Knowing that distribution of model structure is relevant, more detailed process conceptualisations have been tested for the Ourthe Orientale, a subcatchment of the Ourthe. An additional agricultural HRU was introduced for which Hortonian overland flow and frost in the topsoil are assumed to be relevant. In addition, a degree-day based snow module has been added to all HRUs. Adding these process conceptualisations improved the performance and consistency of the model on an event basis. However, the implemented processes and the related signatures are sensitive to errors in forcing and model outliers and should therefore be implemented carefully.
This thesis finishes with two explorative comparisons; one comparing the newly developed model of the Ourthe Orientale catchment with other catchments; the second between the newly developed model and other models, including the HBV configuration currently used for operational forecasting in the Meuse basin. These comparisons were carried out based on visual inspections of parts of the hydrograph. The results show that the newly developed model can be applied in neighbouring catchments with similar performance. The comparison with other models demonstrates that a very quick overland flow component and a parallel configuration of fast and slow runoff generating reservoirs is important to reproduce the dynamics of the hydrograph related to different time scales. Both aspects are included in the newly developed model. As a results, the newly developed model is better able to reproduce most of the dynamics of the hydrograph than the operational HBV configuration, used at the moment of writing.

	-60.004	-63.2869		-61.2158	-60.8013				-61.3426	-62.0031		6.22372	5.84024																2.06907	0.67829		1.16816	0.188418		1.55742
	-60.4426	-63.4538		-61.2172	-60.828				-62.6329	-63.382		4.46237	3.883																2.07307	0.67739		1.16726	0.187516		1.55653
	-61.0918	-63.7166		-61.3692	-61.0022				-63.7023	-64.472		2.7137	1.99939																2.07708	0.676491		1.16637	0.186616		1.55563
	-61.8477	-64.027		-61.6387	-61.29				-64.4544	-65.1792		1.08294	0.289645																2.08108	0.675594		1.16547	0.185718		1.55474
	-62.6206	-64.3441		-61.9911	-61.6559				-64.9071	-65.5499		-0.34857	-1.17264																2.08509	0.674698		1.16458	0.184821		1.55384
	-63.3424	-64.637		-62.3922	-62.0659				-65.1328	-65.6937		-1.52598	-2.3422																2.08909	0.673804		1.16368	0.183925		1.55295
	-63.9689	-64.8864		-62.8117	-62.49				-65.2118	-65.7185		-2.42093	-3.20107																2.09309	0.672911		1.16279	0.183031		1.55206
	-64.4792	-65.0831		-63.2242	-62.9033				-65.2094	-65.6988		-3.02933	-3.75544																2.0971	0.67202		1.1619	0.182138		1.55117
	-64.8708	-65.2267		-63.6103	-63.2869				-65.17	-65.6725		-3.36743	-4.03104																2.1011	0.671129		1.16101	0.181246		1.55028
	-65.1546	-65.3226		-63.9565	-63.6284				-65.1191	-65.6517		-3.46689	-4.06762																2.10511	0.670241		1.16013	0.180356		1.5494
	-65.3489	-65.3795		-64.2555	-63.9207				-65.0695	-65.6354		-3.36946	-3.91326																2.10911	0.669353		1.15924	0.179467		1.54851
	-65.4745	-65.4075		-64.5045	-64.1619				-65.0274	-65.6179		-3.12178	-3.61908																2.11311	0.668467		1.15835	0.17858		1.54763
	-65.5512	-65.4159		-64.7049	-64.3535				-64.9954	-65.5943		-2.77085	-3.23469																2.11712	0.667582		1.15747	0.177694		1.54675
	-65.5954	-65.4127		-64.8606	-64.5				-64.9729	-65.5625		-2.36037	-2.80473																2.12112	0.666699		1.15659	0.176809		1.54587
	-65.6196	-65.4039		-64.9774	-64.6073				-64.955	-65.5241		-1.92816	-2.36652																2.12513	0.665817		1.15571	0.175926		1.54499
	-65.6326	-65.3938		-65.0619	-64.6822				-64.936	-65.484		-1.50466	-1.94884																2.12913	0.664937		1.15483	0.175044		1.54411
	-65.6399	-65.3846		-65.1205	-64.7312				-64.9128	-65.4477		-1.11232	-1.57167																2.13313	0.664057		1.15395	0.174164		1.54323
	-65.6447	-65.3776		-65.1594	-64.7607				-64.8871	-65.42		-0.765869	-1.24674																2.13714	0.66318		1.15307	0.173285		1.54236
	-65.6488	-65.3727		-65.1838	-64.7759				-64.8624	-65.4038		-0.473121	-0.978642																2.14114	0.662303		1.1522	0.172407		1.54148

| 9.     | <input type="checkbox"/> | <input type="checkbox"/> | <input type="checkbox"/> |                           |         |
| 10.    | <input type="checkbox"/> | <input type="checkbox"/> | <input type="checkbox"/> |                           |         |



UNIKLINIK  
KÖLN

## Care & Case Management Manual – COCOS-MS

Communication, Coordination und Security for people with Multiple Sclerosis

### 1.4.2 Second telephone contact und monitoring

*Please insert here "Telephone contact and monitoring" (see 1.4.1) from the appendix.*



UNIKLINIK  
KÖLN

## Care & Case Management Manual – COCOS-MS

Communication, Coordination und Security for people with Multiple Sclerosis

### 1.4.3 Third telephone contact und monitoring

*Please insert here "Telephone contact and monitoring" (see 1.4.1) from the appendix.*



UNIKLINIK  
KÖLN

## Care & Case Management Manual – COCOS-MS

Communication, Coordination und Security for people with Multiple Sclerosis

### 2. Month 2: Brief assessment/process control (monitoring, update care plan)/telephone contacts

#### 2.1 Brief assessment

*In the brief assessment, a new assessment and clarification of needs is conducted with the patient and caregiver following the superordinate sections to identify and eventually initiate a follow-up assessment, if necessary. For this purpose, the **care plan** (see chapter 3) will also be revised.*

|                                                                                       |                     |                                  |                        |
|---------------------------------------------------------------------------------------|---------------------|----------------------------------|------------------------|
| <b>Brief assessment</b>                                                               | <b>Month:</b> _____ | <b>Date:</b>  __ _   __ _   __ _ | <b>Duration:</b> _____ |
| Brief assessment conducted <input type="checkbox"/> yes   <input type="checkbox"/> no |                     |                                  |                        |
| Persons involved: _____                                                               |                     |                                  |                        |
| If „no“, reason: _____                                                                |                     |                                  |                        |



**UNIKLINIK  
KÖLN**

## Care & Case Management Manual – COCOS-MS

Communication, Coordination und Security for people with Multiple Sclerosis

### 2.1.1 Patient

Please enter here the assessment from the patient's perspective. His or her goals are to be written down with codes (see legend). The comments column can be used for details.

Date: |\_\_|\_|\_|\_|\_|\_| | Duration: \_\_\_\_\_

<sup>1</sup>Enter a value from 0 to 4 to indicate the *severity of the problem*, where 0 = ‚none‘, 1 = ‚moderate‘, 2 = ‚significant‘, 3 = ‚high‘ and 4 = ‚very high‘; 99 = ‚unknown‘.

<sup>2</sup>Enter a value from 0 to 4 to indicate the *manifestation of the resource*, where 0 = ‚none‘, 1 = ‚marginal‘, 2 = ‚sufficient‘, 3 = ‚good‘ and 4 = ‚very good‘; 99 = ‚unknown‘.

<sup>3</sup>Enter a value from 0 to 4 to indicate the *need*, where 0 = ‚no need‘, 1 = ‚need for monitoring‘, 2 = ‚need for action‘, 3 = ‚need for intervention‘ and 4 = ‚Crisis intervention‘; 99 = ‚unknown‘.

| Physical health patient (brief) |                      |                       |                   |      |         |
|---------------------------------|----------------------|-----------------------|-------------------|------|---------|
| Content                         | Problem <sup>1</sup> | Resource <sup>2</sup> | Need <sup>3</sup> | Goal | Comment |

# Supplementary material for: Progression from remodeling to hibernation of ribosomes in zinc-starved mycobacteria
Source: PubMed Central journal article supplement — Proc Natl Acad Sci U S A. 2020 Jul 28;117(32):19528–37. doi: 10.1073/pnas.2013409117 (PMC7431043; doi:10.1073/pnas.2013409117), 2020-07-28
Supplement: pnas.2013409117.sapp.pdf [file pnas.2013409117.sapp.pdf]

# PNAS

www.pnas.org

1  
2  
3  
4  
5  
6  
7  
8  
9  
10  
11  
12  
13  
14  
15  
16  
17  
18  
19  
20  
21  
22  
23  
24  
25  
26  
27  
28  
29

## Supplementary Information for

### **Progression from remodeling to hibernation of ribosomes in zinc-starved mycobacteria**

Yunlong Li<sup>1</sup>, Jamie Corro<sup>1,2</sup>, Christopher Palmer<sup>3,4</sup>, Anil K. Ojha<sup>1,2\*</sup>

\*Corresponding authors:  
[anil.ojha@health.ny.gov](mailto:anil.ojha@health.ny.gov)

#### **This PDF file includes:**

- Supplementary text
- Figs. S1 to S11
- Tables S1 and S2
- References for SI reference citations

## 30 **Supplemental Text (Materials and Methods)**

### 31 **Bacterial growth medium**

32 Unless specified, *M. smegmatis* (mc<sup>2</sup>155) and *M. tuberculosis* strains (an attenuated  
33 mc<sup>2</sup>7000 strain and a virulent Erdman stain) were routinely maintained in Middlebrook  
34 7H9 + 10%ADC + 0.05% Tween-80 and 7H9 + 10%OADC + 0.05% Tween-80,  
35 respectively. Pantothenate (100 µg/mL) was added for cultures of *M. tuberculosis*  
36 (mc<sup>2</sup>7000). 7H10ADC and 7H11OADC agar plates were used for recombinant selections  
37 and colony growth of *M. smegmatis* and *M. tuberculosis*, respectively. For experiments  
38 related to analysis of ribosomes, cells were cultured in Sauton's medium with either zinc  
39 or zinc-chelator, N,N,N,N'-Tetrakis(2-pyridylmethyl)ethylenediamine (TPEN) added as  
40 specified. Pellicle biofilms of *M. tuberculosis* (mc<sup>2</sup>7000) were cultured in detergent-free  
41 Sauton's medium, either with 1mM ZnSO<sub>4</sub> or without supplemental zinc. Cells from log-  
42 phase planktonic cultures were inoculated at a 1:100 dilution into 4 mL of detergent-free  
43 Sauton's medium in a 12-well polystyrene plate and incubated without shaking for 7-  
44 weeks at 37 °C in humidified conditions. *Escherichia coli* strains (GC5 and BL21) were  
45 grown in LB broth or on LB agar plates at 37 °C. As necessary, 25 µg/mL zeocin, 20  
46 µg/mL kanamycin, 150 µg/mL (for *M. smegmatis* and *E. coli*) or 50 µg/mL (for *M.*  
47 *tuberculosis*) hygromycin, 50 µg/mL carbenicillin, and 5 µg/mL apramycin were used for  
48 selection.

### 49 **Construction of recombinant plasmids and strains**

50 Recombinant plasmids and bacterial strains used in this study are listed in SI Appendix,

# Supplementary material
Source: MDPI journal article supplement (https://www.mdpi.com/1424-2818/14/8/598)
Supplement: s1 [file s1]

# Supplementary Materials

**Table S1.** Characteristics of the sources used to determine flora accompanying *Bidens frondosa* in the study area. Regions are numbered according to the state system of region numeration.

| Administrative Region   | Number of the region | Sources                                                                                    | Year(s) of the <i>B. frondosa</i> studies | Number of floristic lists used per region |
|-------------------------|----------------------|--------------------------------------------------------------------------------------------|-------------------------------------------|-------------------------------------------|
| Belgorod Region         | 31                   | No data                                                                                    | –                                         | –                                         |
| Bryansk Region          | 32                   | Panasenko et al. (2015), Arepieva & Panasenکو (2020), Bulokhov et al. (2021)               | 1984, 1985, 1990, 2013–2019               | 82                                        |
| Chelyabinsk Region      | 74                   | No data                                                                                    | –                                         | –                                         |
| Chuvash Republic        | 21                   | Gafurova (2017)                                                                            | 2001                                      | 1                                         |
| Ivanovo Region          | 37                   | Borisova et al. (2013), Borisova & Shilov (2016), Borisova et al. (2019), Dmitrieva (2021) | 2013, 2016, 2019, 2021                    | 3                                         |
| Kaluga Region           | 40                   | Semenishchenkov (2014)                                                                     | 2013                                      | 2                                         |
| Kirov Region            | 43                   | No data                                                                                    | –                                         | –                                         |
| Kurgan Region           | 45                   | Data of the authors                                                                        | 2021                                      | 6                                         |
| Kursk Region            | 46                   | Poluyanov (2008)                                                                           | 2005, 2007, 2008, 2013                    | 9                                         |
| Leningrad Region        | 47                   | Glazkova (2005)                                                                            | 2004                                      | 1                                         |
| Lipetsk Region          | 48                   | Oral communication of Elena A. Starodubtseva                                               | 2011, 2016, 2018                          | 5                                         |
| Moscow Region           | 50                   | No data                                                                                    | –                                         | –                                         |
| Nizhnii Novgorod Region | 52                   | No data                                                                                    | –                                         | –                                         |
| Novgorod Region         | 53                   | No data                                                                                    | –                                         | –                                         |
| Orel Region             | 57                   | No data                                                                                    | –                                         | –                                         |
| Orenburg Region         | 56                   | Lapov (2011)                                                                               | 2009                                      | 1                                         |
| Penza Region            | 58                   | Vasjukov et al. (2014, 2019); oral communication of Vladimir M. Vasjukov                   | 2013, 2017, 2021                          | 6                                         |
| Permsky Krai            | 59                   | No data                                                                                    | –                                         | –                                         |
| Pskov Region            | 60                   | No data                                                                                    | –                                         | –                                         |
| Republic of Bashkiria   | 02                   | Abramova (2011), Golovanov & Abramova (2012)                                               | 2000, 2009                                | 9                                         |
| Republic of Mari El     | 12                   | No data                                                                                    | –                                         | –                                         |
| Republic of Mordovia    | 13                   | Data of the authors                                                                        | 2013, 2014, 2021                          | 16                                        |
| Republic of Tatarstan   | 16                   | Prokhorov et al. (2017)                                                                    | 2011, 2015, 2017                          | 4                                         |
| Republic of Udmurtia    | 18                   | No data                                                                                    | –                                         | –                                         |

Distribution and detailed process conceptualisation are very beneficial for rainfall-runoff modelling of the Ourthe catchment. However, they should be applied with care. Conceptual models are a strong simplification of reality. When confronting them only with discharge data, there is a risk of misinterpreting other hydrological processes.
This thesis suggests two possible opportunities to further improve conceptual models. First, catchment understanding could be increased by adding more physical meaning to the models, such as the climate derived root zone storage capacity. And second, remote sensing and plot scale data could be combined to link hydrological processes at different scales. In this way conceptual models can probably be used to get more insight into scaling issues, which occur when moving from hillslope to catchment scale.
Original languageEnglish
QualificationDoctor of Philosophy
Awarding Institution
  • Delft University of Technology
Supervisors/Advisors
  • Savenije, H.H.G., Supervisor
  • Hrachowitz, M., Advisor
Thesis sponsors
Award date10 Jan 2017
Print ISBNs978-94-6186-761-2
DOIs
Publication statusPublished - 2017

Keywords

  • Hydrological modelling
  • Model evaluation
  • Hydrological signatures
  • Root zone storage capacity
  • Distributed models